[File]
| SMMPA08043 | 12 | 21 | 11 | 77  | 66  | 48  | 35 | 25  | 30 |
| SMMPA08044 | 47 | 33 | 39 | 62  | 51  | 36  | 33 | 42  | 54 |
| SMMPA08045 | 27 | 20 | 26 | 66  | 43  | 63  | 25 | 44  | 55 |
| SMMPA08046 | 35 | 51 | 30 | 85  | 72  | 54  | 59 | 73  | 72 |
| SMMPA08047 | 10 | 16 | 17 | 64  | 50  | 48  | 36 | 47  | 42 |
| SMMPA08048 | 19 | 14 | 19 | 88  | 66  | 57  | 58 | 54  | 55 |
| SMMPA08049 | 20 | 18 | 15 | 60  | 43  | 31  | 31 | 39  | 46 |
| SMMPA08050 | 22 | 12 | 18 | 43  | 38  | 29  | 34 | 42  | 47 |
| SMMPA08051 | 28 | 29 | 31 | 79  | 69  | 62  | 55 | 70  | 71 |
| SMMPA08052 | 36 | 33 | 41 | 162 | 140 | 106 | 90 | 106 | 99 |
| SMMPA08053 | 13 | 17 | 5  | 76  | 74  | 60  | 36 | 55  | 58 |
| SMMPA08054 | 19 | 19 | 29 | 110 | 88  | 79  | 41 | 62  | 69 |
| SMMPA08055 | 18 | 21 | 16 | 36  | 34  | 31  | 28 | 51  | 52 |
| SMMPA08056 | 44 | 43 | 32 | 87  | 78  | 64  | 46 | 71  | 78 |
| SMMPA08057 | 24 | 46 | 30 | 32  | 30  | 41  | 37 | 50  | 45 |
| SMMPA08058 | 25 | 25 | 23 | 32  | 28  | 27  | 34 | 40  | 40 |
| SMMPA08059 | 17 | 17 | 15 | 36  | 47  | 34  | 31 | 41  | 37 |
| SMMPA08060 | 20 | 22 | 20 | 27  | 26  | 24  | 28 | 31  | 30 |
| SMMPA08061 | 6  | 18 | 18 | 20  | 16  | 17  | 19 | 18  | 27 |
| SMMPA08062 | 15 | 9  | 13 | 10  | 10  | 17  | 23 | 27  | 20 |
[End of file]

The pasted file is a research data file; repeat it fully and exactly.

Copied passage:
| SMMPA08043 | 12 | 21 | 11 | 77  | 66  | 48  | 35 | 25  | 30 |
| SMMPA08044 | 47 | 33 | 39 | 62  | 51  | 36  | 33 | 42  | 54 |
| SMMPA08045 | 27 | 20 | 26 | 66  | 43  | 63  | 25 | 44  | 55 |
| SMMPA08046 | 35 | 51 | 30 | 85  | 72  | 54  | 59 | 73  | 72 |
| SMMPA08047 | 10 | 16 | 17 | 64  | 50  | 48  | 36 | 47  | 42 |
| SMMPA08048 | 19 | 14 | 19 | 88  | 66  | 57  | 58 | 54  | 55 |
| SMMPA08049 | 20 | 18 | 15 | 60  | 43  | 31  | 31 | 39  | 46 |
| SMMPA08050 | 22 | 12 | 18 | 43  | 38  | 29  | 34 | 42  | 47 |
| SMMPA08051 | 28 | 29 | 31 | 79  | 69  | 62  | 55 | 70  | 71 |
| SMMPA08052 | 36 | 33 | 41 | 162 | 140 | 106 | 90 | 106 | 99 |
| SMMPA08053 | 13 | 17 | 5  | 76  | 74  | 60  | 36 | 55  | 58 |
| SMMPA08054 | 19 | 19 | 29 | 110 | 88  | 79  | 41 | 62  | 69 |
| SMMPA08055 | 18 | 21 | 16 | 36  | 34  | 31  | 28 | 51  | 52 |
| SMMPA08056 | 44 | 43 | 32 | 87  | 78  | 64  | 46 | 71  | 78 |
| SMMPA08057 | 24 | 46 | 30 | 32  | 30  | 41  | 37 | 50  | 45 |
| SMMPA08058 | 25 | 25 | 23 | 32  | 28  | 27  | 34 | 40  | 40 |
| SMMPA08059 | 17 | 17 | 15 | 36  | 47  | 34  | 31 | 41  | 37 |
| SMMPA08060 | 20 | 22 | 20 | 27  | 26  | 24  | 28 | 31  | 30 |
| SMMPA08061 | 6  | 18 | 18 | 20  | 16  | 17  | 19 | 18  | 27 |
| SMMPA08062 | 15 | 9  | 13 | 10  | 10  | 17  | 23 | 27  | 20 |